In The Hearts and Lives of Men, author Fay Weldon examines human folly through the lives of the main characters: Clifford Wexford and Helen Lally. When the novel opens, it’s 1960s London. 35-year-old Clifford Wexford is an ambitious art dealer whose current lover, the sharp-edged, unpleasant Angie, a South African Heiress, is also the daughter of Clifford’s boss. Clifford attends a party with dried-up, bitter Angie, but leaves with luminous Helen Lally, the daughter of the temperamental artist and frame maker, John Lally. This is a story of marriage, adultery, Art and greed, played out through the tumultuous relationship between Clifford and Helen.
At first, all is well between Clifford and Helen, but with Angie’s machinations, sowing discord to both Clifford and Helen, it doesn’t take long for things to go south. Thanks to Angie stirring the pot, Clifford “could see all too clearly that Helen was capable of deceit and folly, and lack of judgment, and worse of all, lack of taste.” And Helen knows that Clifford has strayed with Angie, so the Wexford marriage gets off to a bad start. Clifford and Helen’s child, Nell is born on Christmas Day, 1965, but “a marriage that is rapidly put together can rapidly unravel.” Before Nell is even a year old, Clifford and Helen split, and an ugly custody battle ensues. Nell’s childhood, which could have been idyllic, begins to unravel. Nell is left in the care of a nanny guided by Nell’s paternal grandmother’s questionable child rearing beliefs, while Helen, cruelly, is only allowed slight access. Nell becomes a “tug-of-love” baby as her parents fight for her–Helen from maternal instinct and Clifford for spite.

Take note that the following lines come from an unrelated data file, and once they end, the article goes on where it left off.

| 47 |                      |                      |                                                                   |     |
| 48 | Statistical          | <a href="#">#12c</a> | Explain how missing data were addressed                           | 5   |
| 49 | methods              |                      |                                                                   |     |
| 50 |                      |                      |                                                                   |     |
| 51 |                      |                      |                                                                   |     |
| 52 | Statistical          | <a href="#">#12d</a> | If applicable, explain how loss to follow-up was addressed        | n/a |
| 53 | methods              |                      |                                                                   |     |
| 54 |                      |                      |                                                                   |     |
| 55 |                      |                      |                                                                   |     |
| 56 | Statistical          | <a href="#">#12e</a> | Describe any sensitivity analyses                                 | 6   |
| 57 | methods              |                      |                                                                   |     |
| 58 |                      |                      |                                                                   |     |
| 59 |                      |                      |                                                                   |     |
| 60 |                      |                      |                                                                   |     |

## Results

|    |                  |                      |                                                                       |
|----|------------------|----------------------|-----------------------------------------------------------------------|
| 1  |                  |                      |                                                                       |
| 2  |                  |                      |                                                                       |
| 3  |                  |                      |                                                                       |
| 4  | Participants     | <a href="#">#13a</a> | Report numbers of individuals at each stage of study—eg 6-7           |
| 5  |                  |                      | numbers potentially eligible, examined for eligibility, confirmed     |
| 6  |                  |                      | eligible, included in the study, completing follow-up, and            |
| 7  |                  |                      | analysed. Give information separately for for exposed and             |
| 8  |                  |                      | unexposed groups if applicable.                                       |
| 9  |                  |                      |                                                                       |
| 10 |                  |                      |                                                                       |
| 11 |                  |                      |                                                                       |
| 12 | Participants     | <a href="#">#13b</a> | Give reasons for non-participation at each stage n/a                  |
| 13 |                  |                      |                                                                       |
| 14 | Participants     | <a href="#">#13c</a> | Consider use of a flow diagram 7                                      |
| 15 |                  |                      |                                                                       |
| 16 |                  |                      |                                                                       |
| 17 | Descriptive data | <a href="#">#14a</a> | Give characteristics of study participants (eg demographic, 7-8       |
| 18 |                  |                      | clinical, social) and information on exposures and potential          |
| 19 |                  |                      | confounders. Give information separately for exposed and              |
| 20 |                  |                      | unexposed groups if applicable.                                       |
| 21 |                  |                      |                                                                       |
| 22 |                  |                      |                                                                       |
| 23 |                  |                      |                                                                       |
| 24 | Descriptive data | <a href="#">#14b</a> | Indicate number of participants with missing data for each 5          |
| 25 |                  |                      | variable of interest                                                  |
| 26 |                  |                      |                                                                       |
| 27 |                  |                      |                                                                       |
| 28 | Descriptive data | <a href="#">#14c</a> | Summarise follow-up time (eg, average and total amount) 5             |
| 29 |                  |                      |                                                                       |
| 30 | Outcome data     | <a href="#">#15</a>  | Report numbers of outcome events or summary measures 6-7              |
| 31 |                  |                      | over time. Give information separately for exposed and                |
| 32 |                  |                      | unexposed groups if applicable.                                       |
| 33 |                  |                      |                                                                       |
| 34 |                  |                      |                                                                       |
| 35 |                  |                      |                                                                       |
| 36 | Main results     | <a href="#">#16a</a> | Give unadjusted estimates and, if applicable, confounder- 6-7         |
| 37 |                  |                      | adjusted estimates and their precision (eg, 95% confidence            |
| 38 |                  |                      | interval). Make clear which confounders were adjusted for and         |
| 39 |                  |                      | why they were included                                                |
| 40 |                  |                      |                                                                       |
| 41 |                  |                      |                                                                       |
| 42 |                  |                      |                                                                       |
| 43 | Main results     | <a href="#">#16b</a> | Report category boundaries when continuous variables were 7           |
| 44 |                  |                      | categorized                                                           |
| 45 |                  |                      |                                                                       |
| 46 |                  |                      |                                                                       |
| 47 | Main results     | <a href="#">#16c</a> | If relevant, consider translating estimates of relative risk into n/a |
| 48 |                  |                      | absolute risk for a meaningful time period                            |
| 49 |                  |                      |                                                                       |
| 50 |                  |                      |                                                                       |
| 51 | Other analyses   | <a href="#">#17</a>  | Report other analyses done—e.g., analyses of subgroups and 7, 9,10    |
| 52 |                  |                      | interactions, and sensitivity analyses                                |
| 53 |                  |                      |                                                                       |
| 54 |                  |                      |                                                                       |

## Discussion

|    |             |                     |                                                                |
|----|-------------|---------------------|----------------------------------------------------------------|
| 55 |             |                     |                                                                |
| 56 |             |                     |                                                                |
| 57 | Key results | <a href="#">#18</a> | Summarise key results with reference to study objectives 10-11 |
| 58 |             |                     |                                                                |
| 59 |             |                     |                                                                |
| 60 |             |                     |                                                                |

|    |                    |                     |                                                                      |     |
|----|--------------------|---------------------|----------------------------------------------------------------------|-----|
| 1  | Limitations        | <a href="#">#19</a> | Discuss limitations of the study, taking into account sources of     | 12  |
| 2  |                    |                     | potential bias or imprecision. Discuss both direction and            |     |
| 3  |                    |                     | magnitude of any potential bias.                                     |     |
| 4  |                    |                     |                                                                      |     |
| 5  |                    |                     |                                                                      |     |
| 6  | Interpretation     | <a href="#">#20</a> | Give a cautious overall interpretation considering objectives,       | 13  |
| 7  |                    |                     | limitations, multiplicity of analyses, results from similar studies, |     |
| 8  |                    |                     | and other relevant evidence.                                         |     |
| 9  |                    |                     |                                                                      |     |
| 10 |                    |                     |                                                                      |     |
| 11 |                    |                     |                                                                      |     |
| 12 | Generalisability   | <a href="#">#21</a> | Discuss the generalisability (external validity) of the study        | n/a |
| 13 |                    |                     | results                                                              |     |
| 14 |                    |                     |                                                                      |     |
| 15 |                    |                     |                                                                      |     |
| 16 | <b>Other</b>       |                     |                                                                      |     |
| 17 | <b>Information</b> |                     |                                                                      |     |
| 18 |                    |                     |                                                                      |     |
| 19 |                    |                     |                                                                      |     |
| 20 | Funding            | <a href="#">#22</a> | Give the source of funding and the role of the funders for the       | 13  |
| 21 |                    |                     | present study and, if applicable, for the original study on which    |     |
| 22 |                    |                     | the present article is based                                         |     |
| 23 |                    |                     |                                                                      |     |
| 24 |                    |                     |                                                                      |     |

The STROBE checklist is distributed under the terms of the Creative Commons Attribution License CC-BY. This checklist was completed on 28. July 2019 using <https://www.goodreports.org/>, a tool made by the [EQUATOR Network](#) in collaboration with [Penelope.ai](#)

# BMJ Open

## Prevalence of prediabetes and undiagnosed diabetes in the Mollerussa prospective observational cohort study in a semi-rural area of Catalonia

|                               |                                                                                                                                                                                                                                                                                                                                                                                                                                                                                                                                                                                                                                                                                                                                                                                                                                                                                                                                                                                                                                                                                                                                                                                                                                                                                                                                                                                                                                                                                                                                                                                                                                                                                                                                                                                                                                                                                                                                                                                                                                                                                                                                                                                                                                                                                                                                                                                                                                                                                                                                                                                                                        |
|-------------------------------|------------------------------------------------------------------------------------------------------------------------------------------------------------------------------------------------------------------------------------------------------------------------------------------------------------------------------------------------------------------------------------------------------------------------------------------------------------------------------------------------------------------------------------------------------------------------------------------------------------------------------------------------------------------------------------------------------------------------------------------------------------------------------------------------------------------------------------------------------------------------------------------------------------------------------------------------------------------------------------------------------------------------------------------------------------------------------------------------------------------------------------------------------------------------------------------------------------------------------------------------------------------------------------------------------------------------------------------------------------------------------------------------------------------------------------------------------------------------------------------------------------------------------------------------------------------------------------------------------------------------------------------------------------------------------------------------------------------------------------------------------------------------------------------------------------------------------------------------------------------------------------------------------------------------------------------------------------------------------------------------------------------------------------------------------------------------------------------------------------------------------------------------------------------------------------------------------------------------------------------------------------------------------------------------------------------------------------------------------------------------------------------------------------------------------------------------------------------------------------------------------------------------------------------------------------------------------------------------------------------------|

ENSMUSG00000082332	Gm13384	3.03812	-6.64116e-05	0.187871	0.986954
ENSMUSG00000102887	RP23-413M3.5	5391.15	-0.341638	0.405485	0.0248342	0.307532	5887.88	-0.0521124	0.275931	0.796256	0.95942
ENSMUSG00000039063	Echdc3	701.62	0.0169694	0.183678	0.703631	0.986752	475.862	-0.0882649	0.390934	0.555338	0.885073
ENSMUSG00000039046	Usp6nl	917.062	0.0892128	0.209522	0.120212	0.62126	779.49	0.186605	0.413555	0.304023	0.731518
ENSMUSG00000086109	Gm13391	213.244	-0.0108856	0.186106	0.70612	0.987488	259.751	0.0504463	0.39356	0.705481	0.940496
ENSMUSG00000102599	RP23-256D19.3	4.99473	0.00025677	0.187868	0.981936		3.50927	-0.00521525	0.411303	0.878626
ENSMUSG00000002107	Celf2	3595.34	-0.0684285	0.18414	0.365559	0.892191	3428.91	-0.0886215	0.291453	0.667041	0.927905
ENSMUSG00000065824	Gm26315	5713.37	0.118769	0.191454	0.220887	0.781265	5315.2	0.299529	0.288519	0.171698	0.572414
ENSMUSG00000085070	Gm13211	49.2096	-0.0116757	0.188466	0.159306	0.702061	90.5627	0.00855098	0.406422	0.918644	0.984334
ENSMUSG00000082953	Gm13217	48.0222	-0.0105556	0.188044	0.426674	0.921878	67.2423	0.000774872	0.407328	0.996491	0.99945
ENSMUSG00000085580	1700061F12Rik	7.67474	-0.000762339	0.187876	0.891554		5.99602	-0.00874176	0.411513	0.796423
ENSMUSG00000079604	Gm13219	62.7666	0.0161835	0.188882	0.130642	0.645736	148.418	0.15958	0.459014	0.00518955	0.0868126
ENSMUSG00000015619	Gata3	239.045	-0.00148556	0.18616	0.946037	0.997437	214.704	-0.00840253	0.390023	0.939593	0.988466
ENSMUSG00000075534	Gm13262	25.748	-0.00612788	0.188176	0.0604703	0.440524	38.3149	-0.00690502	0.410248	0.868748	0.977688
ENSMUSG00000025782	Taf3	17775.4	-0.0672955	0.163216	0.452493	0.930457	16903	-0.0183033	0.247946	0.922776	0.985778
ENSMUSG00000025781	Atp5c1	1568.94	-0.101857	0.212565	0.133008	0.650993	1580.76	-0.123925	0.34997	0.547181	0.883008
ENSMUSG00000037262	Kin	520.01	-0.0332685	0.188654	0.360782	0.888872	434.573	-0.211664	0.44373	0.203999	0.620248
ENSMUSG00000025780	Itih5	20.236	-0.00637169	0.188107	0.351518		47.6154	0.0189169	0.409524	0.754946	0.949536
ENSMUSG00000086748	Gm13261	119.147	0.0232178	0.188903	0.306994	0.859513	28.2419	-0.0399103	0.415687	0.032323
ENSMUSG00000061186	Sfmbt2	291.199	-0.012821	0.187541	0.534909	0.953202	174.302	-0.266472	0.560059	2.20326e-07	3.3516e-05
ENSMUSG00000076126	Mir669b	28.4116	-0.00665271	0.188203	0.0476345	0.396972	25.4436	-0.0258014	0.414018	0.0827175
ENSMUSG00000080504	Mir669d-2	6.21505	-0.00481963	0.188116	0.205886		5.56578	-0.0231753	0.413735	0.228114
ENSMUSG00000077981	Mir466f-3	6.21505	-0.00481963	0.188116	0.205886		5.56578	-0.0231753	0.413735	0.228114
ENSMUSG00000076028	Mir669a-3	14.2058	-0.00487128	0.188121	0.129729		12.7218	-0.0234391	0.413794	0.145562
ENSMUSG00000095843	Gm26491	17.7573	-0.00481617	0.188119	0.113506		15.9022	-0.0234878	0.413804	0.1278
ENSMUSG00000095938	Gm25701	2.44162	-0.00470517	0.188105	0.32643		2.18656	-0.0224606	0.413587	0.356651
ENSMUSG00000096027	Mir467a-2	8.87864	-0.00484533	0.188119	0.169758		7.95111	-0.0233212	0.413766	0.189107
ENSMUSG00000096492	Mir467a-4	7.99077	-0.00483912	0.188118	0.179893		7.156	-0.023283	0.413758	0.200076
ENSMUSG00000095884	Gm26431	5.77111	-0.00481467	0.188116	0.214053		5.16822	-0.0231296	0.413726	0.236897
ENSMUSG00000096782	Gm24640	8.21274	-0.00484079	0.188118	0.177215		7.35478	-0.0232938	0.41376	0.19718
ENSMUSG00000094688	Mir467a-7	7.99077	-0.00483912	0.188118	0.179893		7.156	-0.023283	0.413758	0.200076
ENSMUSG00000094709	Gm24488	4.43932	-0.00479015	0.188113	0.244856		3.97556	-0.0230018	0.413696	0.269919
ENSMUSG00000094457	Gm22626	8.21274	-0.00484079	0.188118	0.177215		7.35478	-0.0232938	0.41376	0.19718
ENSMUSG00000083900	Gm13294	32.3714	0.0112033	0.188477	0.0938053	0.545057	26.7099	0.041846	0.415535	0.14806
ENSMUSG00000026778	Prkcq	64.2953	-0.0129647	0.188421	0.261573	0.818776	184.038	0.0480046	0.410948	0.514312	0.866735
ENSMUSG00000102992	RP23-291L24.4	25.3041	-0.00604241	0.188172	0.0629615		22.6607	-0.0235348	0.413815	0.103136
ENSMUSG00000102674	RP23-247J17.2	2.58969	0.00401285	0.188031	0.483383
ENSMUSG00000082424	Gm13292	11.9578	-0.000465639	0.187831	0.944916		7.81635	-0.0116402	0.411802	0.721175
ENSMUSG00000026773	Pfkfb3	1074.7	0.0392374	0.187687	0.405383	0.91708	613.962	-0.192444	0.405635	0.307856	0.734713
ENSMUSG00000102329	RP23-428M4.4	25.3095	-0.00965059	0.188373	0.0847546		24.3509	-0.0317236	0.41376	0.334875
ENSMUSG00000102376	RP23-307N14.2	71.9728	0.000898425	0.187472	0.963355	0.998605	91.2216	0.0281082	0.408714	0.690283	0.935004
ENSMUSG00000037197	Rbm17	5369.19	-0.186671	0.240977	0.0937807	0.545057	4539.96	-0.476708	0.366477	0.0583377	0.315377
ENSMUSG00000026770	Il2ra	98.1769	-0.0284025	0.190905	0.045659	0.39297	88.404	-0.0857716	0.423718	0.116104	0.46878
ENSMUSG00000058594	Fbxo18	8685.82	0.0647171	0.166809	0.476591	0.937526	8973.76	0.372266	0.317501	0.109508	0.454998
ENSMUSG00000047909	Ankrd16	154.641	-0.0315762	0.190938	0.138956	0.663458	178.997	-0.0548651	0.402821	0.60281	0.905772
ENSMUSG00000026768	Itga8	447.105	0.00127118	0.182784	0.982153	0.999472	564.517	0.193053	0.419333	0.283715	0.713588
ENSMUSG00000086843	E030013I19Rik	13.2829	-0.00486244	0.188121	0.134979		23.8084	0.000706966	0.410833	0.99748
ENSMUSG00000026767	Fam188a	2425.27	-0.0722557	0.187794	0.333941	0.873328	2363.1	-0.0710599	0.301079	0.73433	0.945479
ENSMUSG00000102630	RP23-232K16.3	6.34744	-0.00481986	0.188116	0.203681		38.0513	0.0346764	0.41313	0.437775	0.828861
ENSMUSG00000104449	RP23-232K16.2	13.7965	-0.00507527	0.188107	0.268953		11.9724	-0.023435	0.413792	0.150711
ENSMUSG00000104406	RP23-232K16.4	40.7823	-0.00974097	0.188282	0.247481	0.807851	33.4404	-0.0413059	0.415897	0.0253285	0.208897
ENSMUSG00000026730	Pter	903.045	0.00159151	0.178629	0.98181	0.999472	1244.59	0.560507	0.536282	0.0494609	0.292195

When Helen remarries, Clifford, in a fit of malice hires a man to kidnap Nell. The kidnapping goes horribly wrong, and this tragic event shapes the lives of Clifford, Helen, and Nell. A large amount of the book follows Nell’s life, wrapped with modern fairy tale elements (Fate, wicked stepmother, black magic) as she falls into misfortune. Clifford and Helen must overcome their own negative characteristics before they come to a happy ending. The story shows that some people are gifted with good looks, and good luck, while others, such as Angie, are unlovable. Angie is a miserably unhappy character, but she makes her own misery:
Reader, to the happy all things come. Happiness can even bring the dead back to life. It is our resentments, our dreariness, our hate and envy, unrecognized by us, which keeps us miserable. Yet these things are in our heads, not out of our hands. We own them; we can throw them out if we choose.
Marriage also comes under scrutiny through Clifford and Helen, of course, but also through artist John Lally and his wife, Evelyn. Poor Evelyn, intimidated by her husband’s temper tantrums and moods, led a miserable (short) life. John Lally’s second wife, Marjorie, however, has an even happy, placid temperament and she simply refuses to absorb her temperamental husband’s nonsense.
“Don’t be absurd, John!” she’d say, when he was unreasonable. “Oh, what a bad temper!” she’d exclaim, apparently unmoved, when he ranted and raved. “John, you can’t be talking about me. You must be talking about yourself!” she‘d say if he tried to call her names.
He tried in a hundred ways to get the better of her, but couldn’t. If he didn’t speak to her she seemed not to notice, but fetched the neighbours in for coffee and talked to them instead. She made plans to include him but if he didn’t turn up or was late, simply went without him.
Good for Marjorie.
Miserable people spread misery; spite and unkindness bounce back in Weldon’s fate-driven, karmic world. There’s the underlying idea in this playful novel that people can change–obviously psychos are psychos and that doesn’t alter, but apart from that, admitting our mistakes, maturing or even marrying someone more compatible all present opportunities for growth. Interesting to note that the artistic characters seem to be overall happier.